Bartyís chair landed hard on its front legs as he got up. Along with the rest of the Hufflepuff and Slytherin prefects, he started toward the door.

   "Crouch," Chrisí voice was tinged with a sudden hardness. "I need to speak with you before you leave."

Barty whirled around and stared at Chris with narrowed eyes. He sat down in a chair near where he was standing, his icy gaze never faltering. Chris turned his back on Barty and began to speak to the Gryffindors who had assembled around him.

   Gryffindors, Barty thought bitterly. They think theyíre so superior. Theyíll learn, theyíll - There was laughter from the Gryffindors and they broke their huddle. Chris got up, a smile still shining on his face. He looked over at Barty and the smile faded; his eyes turned to ice. His face was hard as he strode confidently across the room to Barty. Barty rose to his feet as Chris approached, his wand clenched in his fist.

   "Crouch," Chris said icily.

   "Smith," Barty said in a tone equally as cold.

   "You know what I need to talk to you about," Chris said, shifting on his feet. Barty noticed his hand slipping into the pocket of his robes and tensed.

   "No," he said innocently. "Iím afraid I donít. And someone with so prestigious a position as Head Boy," he spat out the words, "should hardly sink to making unfounded accusations."

   Chrisís eyes bore into Bartyís. "Unfounded?" he repeated icily. "Professor Dumbledore doesnít seem to think so. This pleasant conversation is on his orders."

   Barty raised an eyebrow and opened his mouth to say something, but Chris cut him off sharply,

   "Youíre on the verge of losing your badge," he said with a note of disgust in his voice. "If you keep abusing your position, you will be relieved of it."

   Bartyís expression was blank, his face stone.

   "Iíll be watching you," Chris continued, his hand still clenched in his pocket.

   "Well be sure to keep an appropriate distance," Barty said coolly. "I donít fancy having your Mudblood stench following me all year."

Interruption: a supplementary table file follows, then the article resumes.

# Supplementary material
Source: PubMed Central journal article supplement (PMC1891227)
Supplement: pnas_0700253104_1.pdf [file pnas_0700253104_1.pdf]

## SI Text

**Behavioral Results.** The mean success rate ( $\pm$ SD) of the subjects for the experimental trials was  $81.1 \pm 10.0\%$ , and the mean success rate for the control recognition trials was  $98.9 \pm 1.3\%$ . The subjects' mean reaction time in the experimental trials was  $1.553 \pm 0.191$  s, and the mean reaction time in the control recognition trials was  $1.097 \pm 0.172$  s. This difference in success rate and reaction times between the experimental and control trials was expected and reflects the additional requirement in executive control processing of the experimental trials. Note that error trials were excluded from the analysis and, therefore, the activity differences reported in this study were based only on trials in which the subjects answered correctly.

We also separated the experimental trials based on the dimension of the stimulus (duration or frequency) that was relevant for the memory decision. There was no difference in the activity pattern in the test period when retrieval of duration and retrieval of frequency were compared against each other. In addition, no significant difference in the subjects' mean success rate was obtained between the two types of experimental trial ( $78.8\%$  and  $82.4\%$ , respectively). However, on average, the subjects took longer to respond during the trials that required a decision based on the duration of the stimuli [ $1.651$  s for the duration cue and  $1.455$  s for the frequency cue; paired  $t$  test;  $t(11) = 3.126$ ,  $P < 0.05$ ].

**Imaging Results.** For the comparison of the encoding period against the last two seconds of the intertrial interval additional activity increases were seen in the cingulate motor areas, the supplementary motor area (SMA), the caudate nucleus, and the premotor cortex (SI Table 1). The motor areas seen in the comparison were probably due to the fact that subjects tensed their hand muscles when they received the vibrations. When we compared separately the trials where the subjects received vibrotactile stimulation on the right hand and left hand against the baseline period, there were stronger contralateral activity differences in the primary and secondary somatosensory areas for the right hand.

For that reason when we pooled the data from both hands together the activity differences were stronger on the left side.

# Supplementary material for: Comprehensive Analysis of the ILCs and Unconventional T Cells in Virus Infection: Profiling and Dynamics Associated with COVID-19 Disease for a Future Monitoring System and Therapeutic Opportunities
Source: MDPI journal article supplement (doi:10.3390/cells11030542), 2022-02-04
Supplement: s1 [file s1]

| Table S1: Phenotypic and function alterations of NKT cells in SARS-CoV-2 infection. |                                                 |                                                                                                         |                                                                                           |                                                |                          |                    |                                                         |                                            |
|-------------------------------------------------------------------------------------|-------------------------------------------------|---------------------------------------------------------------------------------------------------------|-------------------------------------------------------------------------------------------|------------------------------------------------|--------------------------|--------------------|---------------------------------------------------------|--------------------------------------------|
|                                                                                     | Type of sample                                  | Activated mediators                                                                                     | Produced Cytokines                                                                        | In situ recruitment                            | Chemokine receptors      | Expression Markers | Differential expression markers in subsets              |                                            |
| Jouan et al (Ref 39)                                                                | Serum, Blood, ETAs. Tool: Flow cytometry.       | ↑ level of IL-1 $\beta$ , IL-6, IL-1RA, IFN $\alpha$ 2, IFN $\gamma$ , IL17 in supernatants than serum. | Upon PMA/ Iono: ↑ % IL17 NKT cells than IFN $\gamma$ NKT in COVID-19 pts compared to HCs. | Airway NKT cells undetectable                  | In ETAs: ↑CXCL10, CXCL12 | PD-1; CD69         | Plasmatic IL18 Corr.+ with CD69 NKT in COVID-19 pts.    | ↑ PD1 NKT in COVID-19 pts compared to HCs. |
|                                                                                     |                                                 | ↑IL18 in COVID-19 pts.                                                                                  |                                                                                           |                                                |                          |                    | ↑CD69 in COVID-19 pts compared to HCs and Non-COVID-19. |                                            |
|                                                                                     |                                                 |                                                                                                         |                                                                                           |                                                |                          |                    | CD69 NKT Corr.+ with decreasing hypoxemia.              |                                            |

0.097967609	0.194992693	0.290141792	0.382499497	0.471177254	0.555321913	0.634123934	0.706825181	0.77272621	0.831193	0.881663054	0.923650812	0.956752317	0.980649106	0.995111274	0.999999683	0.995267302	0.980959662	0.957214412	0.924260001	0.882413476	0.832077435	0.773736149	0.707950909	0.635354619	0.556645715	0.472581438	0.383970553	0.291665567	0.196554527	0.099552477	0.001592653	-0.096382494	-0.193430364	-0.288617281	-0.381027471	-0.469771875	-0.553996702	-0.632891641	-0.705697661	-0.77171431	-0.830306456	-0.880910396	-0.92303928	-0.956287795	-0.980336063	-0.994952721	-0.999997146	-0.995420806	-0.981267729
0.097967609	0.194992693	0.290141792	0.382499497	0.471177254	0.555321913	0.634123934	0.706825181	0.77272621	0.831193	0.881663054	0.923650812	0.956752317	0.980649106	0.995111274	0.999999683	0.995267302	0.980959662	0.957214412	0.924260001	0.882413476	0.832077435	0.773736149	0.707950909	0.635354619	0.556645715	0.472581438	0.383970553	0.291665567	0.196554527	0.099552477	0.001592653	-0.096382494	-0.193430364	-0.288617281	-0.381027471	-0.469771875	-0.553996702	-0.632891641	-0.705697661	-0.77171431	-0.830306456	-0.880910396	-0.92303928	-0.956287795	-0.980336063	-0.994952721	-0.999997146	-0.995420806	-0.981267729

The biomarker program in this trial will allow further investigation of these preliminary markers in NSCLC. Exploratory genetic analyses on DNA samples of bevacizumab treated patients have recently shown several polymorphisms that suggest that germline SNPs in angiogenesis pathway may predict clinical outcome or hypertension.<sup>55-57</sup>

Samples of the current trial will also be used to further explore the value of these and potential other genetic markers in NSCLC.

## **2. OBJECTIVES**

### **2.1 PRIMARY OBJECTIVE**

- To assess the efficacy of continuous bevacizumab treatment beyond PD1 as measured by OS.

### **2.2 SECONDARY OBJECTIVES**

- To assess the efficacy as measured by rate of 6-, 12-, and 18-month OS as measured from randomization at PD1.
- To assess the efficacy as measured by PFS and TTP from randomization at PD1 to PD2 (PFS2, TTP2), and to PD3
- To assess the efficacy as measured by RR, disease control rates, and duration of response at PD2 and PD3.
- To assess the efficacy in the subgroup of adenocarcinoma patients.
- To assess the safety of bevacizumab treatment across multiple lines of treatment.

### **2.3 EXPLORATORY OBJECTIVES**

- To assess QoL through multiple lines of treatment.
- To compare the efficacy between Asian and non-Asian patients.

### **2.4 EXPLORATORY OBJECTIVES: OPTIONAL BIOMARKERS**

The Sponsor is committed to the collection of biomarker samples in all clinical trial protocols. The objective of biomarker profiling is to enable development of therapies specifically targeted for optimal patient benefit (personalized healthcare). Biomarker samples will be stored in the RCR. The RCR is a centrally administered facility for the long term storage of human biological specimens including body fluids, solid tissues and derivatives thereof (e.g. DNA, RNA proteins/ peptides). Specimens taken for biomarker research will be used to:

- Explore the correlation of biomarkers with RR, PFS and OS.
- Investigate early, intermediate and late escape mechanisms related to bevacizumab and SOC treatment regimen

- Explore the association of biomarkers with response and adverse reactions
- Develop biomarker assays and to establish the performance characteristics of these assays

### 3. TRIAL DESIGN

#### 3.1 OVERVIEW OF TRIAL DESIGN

Chris rolled his eyes.

   "Is that the best youíve got, Crouch?" Barty withdrew his wand with a snap and brandished it threateningly.

   "I donít have to stop at words," he said icily.

   "Then -" Chris was cut off by a girl on the other side of the room calling his name.

   "Iím watching you, Crouch," Chris said, turning and walking away.

   Barty rolled his eyes and slid his wand back into his pocket. He strode to the door and walked out, slamming it behind him. An occupant of a nearby compartment jumped. Barty muttered something indistinct and walked back to the compartment at the end of the train. He shoved the door open unceremoniously and slammed it behind him, moving to sit down by the window, but someone was already sitting there.

   "The Prodigal Prefect returns," the girl said. She was smiling up at Barty, her violet eyes shining merrily. Her skin was eerily pale as though she had never seen the sun. Her jet-black hair was a sharp contrast to the whiteness of her skin as were her black robes and green and silver tie.

   David and Brian, who had been engaged in a heated argument, looked up and realized that Barty was back.

   "Hey," they said in unison, then promptly looked away and resumed their argument. (Barty caught the word "Gobstones.")

   "Whoíre the heads this year?" the girl asked.

   "Andrews and Smith," Barty said darkly as he sat down next to her.

   "Smith?" Bryan asked incredulously, looking up from the argument.

   "Andrews?!" the girl sneered. David rolled his eyes at her.

   "Well, we all knew Andrews was going to get Head Girl," David said, "but Smith?"

   Barty shrugged his shoulders. He forcefully suppressed the anger that was still racing through his chest.

   "They only picked the filthy Mudblood because heís a Gryffindor," Bryan said, frowning. "Why didnít Dumbledore pick you?"

   Barty snorted. "Apparently our dear Professor Dumbledore is under the impression that I am -" he paused and screwed his eyes up at his head, in mock deep thought, "oh yes - Ďabusing my positioní, as Smith was so kind to inform me at the end of the meeting." The malice in Bartyís voice was unmistakable.

   "Did he try anything?" David asked, a nasty look on his face.

   "Of course he didnít," Barty snapped irritably. "Why would he? Heís Head Boy now; appearances must be maintained." He absentmindedly began toying with the zipper on his jacket.